The world’s newest 5* event is behind us, and it was filled with first experiences. Not only did Fair Hill host its inaugural Maryland 5* but Boyd Martin claimed victory making it the first American 5* win in 13 years, and we saw some new pairs making their attempt at the level.
Another moment we all bore witness to was first-time mom, Alexandra Knowles finishing 11th with Katherine O’Brien’s Morswood at his 5* debut, only adding time to finish on a score of 38.9 and in less than a year after having her baby. I watched proudly as Allie and “Ginge” looked every bit prepared, focused, and deserving to be there, and couldn’t help but reflect on what this last year has consisted of for AK Eventing.
I still remember the FaceTime call when Allie told me she was pregnant. I was so thrilled since it’s always been a dream for her to be a mom. She would be a natural in her new role as she has been a mom/big sister to many of her students, myself included. I was eight years old when I first met Allie and very nervous to be riding in my first jump lesson as a D1 Pony Clubber. She encouraged me the whole way and, finally, my pony and I made it over three, stack trot poles.
I called her later that week for regular lessons and little did I know, that was the start of a life-long relationship. She’s watched me grow up, and I’ve spent that time watching and learning from her. Aside from my own mother, Allie has contributed the most to my personal development and getting to see her with her own daughter has been an emotional, joyful experience.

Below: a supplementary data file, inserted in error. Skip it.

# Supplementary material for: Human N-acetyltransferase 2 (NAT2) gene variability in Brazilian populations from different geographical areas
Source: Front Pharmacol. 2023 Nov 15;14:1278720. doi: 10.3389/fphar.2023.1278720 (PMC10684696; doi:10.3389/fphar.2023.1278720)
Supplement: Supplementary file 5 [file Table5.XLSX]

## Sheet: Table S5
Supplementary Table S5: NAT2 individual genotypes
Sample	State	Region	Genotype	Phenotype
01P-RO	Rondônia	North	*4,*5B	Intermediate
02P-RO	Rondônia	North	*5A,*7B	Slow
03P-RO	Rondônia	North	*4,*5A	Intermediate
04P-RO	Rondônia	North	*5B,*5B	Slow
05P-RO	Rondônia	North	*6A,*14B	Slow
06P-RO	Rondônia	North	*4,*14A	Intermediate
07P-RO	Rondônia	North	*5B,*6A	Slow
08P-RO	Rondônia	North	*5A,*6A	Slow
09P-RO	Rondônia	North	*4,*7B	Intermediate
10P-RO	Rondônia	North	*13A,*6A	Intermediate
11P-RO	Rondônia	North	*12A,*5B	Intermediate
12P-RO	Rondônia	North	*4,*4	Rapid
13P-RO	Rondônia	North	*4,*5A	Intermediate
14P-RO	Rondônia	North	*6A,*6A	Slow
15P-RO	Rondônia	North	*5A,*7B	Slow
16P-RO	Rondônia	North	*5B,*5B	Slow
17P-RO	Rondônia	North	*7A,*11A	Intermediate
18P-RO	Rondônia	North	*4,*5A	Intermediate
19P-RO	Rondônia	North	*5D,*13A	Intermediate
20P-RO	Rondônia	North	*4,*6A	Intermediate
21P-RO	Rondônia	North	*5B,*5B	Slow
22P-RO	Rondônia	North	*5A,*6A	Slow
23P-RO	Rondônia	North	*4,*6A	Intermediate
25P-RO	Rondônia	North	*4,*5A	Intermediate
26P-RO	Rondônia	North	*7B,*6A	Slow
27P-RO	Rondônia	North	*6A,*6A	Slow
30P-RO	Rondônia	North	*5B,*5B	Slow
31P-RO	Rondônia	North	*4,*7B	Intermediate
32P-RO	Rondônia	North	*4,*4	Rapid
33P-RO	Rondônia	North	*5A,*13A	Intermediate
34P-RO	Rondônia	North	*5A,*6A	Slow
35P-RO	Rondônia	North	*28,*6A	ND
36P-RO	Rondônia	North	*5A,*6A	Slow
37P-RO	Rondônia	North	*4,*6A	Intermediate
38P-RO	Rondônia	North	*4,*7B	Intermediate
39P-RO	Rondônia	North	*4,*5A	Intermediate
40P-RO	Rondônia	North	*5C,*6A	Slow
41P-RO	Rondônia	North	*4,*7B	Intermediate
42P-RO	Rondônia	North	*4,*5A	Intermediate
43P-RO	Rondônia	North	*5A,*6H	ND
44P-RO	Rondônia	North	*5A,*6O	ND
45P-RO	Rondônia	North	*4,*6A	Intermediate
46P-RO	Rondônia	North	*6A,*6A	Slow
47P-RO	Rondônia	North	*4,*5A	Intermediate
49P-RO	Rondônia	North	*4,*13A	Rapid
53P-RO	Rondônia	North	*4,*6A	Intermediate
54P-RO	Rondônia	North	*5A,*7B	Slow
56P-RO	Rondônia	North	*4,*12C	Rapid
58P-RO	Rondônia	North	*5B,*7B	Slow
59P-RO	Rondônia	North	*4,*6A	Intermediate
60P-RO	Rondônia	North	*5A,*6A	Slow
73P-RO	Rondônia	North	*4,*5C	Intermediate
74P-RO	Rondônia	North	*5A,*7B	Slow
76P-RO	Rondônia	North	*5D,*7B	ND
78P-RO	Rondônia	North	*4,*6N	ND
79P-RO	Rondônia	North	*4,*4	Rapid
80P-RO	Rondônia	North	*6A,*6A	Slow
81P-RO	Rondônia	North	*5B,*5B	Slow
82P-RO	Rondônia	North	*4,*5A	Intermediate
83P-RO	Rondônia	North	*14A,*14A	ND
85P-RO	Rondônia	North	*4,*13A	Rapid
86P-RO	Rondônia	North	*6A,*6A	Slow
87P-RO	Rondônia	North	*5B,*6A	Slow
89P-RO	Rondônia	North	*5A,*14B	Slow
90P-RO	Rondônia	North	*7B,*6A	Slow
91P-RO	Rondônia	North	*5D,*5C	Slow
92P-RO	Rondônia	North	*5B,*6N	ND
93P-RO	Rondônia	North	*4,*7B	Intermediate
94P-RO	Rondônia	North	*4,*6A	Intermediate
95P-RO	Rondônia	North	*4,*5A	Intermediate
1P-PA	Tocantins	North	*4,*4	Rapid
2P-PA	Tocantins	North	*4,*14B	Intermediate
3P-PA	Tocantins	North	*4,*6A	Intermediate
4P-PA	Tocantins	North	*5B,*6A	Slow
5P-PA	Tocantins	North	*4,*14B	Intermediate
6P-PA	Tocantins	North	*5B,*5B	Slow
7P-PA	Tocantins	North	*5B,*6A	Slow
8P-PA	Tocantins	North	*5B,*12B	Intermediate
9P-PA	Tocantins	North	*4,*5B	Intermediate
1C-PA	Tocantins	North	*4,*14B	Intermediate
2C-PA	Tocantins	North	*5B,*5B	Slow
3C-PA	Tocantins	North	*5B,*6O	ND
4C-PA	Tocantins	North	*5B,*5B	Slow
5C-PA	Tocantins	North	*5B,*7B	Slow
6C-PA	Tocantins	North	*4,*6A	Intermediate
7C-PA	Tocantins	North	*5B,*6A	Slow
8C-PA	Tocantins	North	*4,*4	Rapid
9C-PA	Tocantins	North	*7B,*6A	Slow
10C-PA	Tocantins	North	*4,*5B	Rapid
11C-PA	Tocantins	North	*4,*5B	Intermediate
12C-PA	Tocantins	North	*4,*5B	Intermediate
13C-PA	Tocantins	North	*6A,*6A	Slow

Last year, I visited a few weeks before Allie’s due date and she was still riding and teaching all the while preparing her home for little Atticus. No one knew exactly how life would look for Allie, but she has become better in every single way because of motherhood.
Her horses are going better than ever, she competed more than previous years, she has multiple upper-level horses running successfully, and the inevitable learning opportunities were taken in stride. She never slowed down teaching and her students have had a great year, too. Amid all this, Atticus is at the forefront of everything, and I think that is a large reason for AKE’s success.
Competing at a 5* event is the culmination of hard work, dedication, teamwork, and support. Once a groom for Allie myself, I know firsthand the never-ending work involved in preparing for upper-level competitions and the toll it takes on the whole team. This sport requires sacrifice and for many, those sacrifices are visible in their personal lives.
Whether it’s needing to get back in the saddle just 14 days after a C-section, being away from family during the winter, grooms adding babysitting to their list of duties, or coaxing a baby to sleep in a camper in the middle of the night before cross-country, motherhood has forced a new way of life in the barn. And while new obstacles arise, it seems the rewards are that much sweeter.
Watching the AKE team throughout last weekend showed there is a stronger bond than ever, and it seems motherhood has allowed for a new dynamic. Horses provide a similar experience that requires grooms to focus on the rider’s main priority, but I think there is a new level of dedication and love when you are working with someone who is a new mom and sharing special memories of their child. Watching Allie and Ginge come through each set of finish flags made me so proud, and the reactions of those of her team and Atticus there to see her mom home still makes me tear up.
The smiles, snuggles, hugs, and cheers could be felt through the screen as the entire AKE team celebrated their own victory. Every team from last weekend that brought their horses home safe should be proud, but here’s to all the moms of the sport, and their little ones, for the sacrifices made and the success earned. And to Allie, you are an inspiration of what a good friend, mother, and horsewoman should be.